Canadian doctors encouraged to bring up medically assisted death before their patients do

In most jurisdictions in the world with legalized euthanasia, doctors are explicitly prohibited, or strongly discouraged from raising assisted dying with a patient.

The request must come from the person.

But a guidance document produced by Canada’s providers of medically assisted death states that doctors have a professional obligation to bring up MAID as an option, when it’s “medically relevant” and the person is likely eligible, as part of the informed consent process.

There is no legal restriction on who can raise the subject of MAID with someone with a grievous and irremediable illness, disease or disability, provided the intent is not to induce, persuade or convince the person to request an assisted death, says the Canadian Association of MAID Assessors and Providers.

But some ethicists argue that introducing death as a “treatment option,” without the person suggesting it first, is seriously problematic, especially within the expanding realm of MAID, and that people could be unduly influenced to choose to have their life intentionally ended, given the power dynamics of the doctor-patient relationship.

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Given how shallow relations are with virtually all of our doctors, this seems to be a very dangerous slope. I can see a deeply trusted friend bringing this subject up but not someone whose relationship is fundamentally professional and financial. In most cases, this will result in an immoral, even cruel, suggestion that will shock and confuse the patient, not help them. I am concerned almost as much about the moral impact on doctors who make these suggestions even with the best intentions. There will be exceptions, as there always are, but in the main this is not a good general rule to apply broadly as policy. Moreover, given the disaster of Western medical responses to covid, this is a good time for medical professionals to STFU on what they think is best for everyone else. ABN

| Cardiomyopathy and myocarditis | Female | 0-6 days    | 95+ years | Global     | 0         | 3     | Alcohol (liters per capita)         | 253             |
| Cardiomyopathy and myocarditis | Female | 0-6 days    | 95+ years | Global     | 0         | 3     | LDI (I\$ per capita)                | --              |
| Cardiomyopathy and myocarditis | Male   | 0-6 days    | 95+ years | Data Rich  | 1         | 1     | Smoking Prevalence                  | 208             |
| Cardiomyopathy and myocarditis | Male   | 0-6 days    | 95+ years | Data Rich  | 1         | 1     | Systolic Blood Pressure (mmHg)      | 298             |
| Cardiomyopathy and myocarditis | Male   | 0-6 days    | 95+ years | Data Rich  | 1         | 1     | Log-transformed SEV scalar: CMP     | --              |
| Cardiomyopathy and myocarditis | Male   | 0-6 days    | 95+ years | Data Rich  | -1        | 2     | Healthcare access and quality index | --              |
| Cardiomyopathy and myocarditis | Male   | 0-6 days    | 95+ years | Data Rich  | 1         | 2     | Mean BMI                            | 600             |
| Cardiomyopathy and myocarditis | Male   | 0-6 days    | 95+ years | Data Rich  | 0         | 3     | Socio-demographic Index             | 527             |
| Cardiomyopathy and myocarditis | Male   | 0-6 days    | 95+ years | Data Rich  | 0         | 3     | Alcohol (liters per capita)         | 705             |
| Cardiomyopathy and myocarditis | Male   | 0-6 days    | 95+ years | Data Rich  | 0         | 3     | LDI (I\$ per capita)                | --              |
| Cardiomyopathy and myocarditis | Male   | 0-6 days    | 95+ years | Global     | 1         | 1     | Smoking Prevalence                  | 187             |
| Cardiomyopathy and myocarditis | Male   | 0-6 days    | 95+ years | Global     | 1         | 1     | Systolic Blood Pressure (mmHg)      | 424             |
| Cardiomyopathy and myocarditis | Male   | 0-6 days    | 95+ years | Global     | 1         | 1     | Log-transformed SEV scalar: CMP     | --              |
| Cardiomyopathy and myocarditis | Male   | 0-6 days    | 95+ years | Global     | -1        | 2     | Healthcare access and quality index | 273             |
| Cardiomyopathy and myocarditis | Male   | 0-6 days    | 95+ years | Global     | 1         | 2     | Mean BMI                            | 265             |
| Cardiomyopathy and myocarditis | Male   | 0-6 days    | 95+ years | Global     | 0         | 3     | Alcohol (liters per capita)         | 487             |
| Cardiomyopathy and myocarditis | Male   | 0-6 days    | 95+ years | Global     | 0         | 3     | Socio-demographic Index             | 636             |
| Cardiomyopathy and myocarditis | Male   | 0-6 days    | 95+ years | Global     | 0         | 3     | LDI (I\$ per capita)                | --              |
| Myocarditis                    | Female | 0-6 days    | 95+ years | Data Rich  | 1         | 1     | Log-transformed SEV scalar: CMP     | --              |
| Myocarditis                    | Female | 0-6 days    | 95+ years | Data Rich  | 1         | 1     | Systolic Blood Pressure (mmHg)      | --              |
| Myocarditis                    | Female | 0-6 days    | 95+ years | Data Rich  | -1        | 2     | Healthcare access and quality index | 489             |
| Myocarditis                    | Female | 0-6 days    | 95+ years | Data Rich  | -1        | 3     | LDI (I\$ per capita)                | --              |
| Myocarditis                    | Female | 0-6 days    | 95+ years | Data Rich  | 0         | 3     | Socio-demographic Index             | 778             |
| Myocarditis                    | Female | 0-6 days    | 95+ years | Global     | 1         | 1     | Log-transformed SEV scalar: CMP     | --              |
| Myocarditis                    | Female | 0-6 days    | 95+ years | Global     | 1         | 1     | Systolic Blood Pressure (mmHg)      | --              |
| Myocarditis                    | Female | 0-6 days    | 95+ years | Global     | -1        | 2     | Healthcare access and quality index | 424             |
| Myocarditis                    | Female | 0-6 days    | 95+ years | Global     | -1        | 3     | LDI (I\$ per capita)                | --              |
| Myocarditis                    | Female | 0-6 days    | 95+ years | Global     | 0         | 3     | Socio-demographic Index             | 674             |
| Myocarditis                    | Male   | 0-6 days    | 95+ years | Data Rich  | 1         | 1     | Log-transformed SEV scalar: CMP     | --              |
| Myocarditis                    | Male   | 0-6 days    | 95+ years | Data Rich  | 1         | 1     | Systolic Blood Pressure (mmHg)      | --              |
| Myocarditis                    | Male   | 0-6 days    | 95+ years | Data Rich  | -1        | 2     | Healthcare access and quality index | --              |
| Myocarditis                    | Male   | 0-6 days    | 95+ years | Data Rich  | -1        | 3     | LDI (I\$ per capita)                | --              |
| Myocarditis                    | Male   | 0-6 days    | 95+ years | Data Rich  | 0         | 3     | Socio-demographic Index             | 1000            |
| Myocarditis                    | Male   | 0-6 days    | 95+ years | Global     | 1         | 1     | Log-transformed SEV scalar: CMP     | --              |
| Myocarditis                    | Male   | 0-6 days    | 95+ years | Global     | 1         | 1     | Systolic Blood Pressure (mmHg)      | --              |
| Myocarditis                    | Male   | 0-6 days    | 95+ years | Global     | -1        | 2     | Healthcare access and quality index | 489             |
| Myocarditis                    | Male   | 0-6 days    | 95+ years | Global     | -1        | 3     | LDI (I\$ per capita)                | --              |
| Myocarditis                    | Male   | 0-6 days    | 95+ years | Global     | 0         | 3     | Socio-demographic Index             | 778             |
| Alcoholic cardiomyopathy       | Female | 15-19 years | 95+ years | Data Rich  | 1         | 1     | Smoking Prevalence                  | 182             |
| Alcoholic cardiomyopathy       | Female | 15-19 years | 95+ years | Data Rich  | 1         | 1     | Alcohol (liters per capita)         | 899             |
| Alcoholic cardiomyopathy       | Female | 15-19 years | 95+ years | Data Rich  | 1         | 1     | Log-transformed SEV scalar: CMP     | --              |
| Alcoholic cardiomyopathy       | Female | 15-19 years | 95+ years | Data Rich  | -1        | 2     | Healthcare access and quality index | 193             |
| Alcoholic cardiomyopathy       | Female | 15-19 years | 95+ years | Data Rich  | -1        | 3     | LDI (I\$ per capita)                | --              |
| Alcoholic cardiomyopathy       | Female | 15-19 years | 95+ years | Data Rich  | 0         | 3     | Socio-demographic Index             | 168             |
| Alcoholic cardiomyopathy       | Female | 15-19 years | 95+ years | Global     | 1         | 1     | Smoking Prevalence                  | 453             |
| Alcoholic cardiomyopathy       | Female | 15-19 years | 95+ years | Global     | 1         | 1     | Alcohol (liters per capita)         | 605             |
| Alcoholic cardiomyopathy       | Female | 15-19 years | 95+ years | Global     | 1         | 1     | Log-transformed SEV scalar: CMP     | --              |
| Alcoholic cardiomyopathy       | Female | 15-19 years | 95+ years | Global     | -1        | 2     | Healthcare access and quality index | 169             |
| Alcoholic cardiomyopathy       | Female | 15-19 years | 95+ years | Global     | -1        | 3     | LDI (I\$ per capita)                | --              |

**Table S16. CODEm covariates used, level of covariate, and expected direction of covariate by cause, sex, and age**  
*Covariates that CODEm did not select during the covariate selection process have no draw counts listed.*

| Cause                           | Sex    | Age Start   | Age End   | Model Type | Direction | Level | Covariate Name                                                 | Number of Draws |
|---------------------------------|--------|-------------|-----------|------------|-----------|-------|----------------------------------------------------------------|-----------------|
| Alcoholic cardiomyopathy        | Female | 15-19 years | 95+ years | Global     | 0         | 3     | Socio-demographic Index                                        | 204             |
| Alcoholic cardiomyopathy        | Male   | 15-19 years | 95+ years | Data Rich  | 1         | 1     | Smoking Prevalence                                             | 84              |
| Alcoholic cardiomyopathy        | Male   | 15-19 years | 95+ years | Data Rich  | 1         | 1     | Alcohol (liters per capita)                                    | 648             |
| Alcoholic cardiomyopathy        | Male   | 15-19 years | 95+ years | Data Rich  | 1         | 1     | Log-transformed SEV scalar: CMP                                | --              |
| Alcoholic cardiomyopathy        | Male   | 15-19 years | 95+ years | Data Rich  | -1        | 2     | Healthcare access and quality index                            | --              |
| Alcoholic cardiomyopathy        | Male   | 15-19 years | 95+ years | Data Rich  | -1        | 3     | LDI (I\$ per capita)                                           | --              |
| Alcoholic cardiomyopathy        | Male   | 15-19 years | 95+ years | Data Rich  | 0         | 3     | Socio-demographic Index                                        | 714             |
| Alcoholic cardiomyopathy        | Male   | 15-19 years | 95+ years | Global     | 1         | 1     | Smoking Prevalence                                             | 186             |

UPDATE: Another relevant point in this matter is old age and/or the time period near to a person’s death is a very important part of human life. In Buddhist thought the human realm is the only realm where enlightenment can occur. As people age and/or approach death, they are often better able than ever to reflect on their lives and make extremely valuable changes in their thinking and behavior. These changes can change the course of their “mind stream” or karma, thus having enormous impact on future lives. It is a mechanistic view of the world that sees grave illness or old age as nothing more than a worn out machine that should be trashed or killed. From a Buddhist point of view, it is a big mistake to think like that, especially when such thoughts may lead to destroying a person’s last opportunities to make valuable realizations in this life. The old and dying should be cared for with reverence and consideration. To care for an old or dying person is the same as caring for a Buddha. Or as the Buddha put it: “Whoever would tend to me should tend to the sick.” Or, “Caring for any bhikkhu is the same as caring for the Buddha.” Both of these quotes are in the context of caring for Buddhist monks who did not have families to care for them but the principle applies to all of us. Life has meaning from beginning to end and in all its many forms. ABN

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